Sorbic acid is an organic acid that is primarily used as an antifungal agent (Davidson, 2002), however, it also inhibits the growth of bacteria, including Salmonella. It crosses the microbial membranes to access the cytoplasm, where it acts on various proteins (Raso & Barbosa-Canovas, 2003). It is assumed that sorbic acid inhibits vegetative cells by reducing the electrochemical gradient of the cytoplasmic membrane and consequently the proton motive force. The suppression of proton motive force–related amino acid transport could eventually result in the inhibition of many of the cellular enzyme systems determining the survivability of the cell.
Maximum concentrations used in the food industry are 0.1%. Sorbic acid is preferred to other acids because of its physiological harmlessness and organoleptic neutrality (Banerjee & Sarkar, 2004).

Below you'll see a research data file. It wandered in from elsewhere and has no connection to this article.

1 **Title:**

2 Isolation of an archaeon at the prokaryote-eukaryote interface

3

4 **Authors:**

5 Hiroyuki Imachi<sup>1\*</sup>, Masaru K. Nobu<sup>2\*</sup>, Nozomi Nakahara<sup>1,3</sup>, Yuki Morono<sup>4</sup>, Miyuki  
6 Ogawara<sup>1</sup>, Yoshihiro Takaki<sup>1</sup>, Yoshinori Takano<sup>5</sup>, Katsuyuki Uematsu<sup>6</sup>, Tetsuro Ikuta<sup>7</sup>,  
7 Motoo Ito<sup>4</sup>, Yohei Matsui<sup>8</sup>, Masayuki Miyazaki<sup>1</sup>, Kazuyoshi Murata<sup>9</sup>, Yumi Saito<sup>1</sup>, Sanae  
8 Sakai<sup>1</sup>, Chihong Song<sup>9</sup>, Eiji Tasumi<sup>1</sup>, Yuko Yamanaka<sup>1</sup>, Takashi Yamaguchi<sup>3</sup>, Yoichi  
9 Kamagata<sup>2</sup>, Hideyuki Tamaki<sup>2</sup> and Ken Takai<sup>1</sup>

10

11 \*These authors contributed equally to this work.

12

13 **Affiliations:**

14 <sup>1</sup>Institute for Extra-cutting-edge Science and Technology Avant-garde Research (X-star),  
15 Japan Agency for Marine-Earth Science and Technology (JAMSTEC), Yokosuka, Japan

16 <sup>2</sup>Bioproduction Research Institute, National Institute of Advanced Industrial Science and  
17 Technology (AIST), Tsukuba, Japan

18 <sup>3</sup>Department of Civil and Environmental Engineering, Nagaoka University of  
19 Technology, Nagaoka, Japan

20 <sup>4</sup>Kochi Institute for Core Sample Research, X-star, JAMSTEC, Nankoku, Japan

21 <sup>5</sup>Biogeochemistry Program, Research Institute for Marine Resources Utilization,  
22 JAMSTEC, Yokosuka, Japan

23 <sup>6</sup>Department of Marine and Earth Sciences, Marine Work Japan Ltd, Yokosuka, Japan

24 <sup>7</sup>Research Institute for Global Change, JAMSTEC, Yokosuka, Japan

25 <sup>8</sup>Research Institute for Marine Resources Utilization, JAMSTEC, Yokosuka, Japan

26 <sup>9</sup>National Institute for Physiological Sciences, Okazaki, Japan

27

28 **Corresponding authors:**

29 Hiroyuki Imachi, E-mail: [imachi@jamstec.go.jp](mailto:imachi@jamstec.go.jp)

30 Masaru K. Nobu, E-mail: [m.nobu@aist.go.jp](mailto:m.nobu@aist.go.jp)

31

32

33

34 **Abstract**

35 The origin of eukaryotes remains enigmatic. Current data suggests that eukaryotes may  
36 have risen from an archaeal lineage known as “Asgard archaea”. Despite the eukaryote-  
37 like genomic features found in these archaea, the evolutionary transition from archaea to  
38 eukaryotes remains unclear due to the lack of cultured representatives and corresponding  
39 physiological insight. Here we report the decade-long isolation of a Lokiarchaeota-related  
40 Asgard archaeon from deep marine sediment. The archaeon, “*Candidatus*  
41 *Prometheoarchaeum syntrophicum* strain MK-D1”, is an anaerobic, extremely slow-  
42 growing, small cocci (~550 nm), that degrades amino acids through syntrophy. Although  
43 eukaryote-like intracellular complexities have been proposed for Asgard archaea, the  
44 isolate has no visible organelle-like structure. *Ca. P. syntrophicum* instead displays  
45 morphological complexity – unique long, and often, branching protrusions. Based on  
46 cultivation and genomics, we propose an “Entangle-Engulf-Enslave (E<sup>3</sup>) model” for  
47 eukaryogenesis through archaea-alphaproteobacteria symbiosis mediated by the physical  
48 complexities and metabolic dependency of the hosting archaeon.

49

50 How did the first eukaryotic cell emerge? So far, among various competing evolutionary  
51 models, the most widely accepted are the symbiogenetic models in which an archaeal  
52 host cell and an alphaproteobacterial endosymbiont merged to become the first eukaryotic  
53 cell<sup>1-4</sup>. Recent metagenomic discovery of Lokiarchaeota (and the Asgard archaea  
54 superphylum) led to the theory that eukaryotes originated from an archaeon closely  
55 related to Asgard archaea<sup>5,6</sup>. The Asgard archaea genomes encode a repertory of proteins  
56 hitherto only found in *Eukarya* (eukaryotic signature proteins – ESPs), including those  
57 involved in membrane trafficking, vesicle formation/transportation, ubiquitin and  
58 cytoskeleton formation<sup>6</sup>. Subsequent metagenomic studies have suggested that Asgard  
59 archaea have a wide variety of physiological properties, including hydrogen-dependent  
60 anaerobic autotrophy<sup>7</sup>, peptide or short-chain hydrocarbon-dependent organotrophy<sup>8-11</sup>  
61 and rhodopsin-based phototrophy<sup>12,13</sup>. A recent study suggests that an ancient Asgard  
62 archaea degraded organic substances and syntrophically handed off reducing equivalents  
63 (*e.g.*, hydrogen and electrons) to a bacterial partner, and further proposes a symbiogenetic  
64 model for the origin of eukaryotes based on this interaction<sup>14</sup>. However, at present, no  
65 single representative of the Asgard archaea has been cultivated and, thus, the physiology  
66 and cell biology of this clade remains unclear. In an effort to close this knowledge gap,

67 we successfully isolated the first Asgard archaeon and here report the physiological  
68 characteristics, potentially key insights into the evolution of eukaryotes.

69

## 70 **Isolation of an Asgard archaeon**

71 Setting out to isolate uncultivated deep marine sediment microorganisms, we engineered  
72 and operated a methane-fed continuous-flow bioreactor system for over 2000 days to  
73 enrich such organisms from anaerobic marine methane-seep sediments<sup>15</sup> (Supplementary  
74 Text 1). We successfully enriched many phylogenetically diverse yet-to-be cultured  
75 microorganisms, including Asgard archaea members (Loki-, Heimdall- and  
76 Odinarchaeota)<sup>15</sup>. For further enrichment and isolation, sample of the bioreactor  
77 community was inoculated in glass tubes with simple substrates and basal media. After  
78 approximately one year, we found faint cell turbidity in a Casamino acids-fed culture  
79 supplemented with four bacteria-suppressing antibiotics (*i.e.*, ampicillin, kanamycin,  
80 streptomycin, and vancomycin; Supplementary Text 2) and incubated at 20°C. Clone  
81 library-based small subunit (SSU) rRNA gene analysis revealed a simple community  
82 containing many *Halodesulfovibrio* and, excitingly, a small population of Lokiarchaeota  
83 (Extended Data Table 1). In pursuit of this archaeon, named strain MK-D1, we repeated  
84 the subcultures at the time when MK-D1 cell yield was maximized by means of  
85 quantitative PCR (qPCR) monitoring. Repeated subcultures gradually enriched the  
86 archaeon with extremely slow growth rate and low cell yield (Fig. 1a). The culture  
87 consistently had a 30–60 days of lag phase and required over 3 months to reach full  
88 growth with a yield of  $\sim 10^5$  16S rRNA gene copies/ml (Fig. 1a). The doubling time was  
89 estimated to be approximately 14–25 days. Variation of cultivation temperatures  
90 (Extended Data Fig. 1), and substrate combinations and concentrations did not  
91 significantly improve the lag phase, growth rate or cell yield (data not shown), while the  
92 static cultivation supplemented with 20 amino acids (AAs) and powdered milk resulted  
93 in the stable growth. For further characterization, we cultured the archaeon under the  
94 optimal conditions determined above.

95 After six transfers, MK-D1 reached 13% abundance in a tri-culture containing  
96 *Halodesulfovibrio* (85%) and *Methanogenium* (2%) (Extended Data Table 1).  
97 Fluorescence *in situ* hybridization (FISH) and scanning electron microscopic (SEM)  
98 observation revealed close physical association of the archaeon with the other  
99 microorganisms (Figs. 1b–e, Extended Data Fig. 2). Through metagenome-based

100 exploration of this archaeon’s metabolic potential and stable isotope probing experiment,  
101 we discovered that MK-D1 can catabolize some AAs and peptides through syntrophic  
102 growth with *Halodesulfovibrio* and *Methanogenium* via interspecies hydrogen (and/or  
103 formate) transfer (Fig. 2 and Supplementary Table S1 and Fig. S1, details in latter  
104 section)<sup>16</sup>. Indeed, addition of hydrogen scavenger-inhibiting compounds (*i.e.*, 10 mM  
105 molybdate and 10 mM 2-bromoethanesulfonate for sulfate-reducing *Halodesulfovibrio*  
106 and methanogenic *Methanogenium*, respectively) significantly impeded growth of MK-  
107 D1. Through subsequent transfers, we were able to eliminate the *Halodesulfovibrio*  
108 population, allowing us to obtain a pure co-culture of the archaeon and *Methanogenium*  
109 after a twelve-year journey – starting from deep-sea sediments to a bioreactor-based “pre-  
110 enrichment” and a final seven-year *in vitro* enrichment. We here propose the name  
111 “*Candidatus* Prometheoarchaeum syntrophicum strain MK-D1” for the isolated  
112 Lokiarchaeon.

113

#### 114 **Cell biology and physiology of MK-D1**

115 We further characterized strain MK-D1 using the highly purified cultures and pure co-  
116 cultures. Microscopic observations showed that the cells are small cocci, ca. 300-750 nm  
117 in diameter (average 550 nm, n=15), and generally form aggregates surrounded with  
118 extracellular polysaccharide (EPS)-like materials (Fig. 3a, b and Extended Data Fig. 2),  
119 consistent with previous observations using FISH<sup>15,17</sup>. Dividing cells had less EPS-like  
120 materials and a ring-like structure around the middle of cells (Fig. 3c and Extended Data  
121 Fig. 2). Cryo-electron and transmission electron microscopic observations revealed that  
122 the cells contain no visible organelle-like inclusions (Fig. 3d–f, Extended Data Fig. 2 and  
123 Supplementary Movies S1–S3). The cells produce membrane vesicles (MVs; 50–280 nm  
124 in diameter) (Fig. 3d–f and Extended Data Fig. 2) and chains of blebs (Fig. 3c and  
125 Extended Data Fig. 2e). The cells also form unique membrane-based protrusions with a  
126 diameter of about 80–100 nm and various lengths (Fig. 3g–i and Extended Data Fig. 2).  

Banerjee, M., and P. K. Sarkar. 2004. Antibiotic resistance and susceptibility to some food preservative measures of spoilage and pathogenic micro-organisms from spices. Food Microbiol. 21 pp. 335–342
Davidson, P. M. (2002). Control of microorganisms with chemicals, pp. 165–190. In: V. K. Juneja and J. N. Sofos (ed.), Control of Foodborne Microorganisms. Marcel Dekker, Inc., New York.
Raso, J., and G. V. Barbosa-Cánovas. (2003). Nonthermal preservation of foods using combined processing techniques. Crit. Rev. Food Sci. 43 pp. 265–285